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Commentary: Proposed line 3 replacement is responsible and best solution

Several portions of a March 19 commentary by Winona LaDuke require a response to provide readers with accurate information about our Line 3 Replacement Project.

Unfortunately, too much information presented by others about Enbridge's pipelines is narrowly focused and lacks the context about the important role that pipelines play as part of America's energy infrastructure and the work we do to operate our system safely and responsibly.

The Line 3 pipeline project provides a vital link between North American production regions and Minnesota, Wisconsin and Great Lakes and beyond refining centers, and ultimately the people who depend on gasoline, diesel fuel and other petroleum products in their daily lives.

Enbridge is being responsible by proposing to replace Line 3. Replacement means maintaining our high safety standards and reducing future maintenance activities, which can result in disruptions to landowners and the environment. In Minnesota alone, we anticipate more than 6,000 maintenance digs to inspect and repair Line 3 over the next 15 years. Replacement is clearly the best solution.

Pipeline safety begins at design and construction, with best-in-class engineering practices, high-quality North American steel, special coatings and cathodic protection to guard the pipe from external corrosion, and comprehensive inspection and testing. Once oil is in the pipe, our top priority is to ensure its safe and reliable transportation to its destination. Enbridge deploys state-of-the-art safety systems and employs a research and development department to ensure our safety systems are on the leading edge.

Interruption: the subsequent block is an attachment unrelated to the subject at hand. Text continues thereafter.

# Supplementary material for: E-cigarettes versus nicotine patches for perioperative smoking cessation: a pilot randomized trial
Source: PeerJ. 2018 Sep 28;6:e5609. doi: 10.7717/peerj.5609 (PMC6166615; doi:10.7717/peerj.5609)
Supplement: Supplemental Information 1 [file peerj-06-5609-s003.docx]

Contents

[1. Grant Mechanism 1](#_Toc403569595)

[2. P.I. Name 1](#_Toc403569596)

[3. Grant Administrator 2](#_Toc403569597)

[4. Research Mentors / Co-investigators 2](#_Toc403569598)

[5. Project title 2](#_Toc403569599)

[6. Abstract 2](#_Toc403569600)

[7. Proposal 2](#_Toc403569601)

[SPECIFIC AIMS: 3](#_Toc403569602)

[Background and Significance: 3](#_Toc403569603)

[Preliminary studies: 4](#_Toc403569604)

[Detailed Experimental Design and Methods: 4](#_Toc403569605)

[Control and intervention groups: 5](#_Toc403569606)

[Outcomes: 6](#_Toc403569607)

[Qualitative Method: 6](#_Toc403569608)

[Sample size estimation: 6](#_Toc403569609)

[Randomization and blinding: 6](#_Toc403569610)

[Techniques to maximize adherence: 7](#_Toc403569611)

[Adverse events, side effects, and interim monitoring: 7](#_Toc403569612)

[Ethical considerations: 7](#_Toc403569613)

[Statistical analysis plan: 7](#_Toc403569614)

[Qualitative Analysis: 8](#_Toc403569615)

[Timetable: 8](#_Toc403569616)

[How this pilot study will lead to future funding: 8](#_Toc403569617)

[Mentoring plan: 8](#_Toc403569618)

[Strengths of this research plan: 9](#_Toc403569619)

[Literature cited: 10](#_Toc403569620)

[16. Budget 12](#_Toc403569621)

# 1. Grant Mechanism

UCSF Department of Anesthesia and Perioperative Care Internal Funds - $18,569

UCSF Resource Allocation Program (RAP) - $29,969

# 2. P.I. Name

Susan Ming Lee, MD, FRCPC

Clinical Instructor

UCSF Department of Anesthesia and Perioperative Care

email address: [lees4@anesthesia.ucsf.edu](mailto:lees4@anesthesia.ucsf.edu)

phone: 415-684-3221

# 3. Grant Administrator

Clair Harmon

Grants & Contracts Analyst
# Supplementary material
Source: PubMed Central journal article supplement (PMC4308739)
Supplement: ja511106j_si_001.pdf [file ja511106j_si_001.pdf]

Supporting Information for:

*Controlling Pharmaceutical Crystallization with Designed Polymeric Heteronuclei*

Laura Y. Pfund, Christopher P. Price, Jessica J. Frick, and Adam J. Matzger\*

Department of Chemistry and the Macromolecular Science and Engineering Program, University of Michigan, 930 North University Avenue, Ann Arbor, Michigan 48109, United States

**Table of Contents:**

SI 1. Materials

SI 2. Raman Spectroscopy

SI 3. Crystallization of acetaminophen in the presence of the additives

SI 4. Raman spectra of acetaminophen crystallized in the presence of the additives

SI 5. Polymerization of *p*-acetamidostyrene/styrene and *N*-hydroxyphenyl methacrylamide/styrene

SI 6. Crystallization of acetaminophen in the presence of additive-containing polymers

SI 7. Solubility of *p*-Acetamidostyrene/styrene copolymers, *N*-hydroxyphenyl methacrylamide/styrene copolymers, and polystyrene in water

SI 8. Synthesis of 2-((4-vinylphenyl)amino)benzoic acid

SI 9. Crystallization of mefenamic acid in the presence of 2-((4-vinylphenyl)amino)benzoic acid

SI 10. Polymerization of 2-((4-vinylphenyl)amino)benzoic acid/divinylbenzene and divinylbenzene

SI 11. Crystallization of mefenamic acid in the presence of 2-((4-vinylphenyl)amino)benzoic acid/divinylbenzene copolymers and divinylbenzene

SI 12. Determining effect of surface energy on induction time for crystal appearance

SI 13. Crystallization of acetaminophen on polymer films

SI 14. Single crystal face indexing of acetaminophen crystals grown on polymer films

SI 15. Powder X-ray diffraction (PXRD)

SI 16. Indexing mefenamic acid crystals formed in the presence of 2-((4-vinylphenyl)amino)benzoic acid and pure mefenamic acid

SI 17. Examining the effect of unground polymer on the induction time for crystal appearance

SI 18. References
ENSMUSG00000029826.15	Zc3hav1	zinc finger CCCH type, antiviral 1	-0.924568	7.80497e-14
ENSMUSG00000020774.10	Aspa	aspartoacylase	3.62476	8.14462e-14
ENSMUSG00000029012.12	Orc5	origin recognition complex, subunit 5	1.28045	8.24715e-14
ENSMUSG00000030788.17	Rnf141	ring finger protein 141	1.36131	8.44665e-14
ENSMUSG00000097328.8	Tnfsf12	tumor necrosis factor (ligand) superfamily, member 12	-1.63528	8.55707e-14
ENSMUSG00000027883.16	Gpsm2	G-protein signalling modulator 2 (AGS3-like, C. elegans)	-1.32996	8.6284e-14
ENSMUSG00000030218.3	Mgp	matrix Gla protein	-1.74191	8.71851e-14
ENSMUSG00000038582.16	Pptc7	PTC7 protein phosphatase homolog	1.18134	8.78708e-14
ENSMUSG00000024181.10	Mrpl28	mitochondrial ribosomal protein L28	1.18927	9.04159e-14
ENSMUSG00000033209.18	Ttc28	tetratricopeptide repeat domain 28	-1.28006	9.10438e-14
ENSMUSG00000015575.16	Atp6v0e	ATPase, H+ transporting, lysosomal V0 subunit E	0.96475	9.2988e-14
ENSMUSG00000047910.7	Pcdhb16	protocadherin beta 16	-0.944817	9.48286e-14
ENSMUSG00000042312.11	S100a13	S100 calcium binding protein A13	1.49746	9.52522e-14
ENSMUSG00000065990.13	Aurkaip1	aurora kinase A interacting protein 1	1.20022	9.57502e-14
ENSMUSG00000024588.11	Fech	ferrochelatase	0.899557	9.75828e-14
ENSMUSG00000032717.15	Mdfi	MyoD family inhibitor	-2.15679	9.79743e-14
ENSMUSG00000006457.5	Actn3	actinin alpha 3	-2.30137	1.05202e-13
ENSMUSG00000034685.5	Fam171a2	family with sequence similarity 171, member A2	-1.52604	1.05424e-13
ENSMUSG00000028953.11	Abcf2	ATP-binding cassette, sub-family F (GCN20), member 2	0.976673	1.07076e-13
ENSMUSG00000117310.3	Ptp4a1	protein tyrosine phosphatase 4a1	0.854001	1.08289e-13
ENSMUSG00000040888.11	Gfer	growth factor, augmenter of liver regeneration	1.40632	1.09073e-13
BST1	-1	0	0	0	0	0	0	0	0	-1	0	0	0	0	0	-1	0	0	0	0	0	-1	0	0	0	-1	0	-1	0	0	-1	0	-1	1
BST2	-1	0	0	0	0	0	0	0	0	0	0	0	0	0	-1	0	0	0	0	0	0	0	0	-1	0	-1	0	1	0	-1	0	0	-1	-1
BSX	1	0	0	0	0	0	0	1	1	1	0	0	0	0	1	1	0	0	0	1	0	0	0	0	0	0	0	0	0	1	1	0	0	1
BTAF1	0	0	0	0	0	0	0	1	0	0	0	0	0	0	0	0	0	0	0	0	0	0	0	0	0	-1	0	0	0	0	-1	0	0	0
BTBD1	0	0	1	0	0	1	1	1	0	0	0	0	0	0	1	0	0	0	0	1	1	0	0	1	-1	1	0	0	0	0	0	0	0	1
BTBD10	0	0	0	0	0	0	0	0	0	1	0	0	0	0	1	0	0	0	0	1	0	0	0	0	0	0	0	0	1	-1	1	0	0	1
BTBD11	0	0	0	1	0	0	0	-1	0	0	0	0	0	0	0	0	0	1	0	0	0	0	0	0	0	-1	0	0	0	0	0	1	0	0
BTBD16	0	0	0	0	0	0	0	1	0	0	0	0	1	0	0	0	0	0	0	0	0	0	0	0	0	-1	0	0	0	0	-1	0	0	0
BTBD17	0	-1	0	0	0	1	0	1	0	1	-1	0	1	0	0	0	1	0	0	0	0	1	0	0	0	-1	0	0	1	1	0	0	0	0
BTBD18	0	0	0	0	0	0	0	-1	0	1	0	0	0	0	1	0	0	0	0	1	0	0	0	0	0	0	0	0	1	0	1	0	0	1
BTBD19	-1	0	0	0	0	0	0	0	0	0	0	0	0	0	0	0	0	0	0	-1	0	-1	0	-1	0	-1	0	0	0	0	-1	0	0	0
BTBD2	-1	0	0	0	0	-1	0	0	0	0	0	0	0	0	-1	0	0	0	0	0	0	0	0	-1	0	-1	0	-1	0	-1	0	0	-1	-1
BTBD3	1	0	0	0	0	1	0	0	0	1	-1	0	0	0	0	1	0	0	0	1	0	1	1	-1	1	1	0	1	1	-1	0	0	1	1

Line 3 is safe in its current operation. The line undergoes rigorous preventative maintenance activities and inspections using state-of-the-art technology and a highly skilled labor force to keep it operating safely. These activities will continue until the new line is put into service.

Pending regulatory approval, once Line 3 has been replaced, we will deactivate the original Line 3 using a series of steps to thoroughly clean and prepare the pipeline to be idled. We will continue to monitor its condition on an ongoing basis. It is worth noting that the original Line 3 is located in the middle of other Enbridge pipelines that will continue to operate well into the future. Enbridge has safely deactivated more than 400 miles of pipelines in the U.S. in accordance with federal guidelines. We are responsible for our pipelines whether they are active or not, and we remain committed to protecting the environment and to public safety.

In the last few years, Enbridge has invested billions to ensure our operations and systems meet or exceed safety standards — to prevent releases, develop safer systems and train personnel.

For more than 65 years, our northern Minnesota pipeline operations have coexisted with Minnesotans' enjoyment of our water and precious natural resources. We have and will continue to work diligently to keep it that way — every day.

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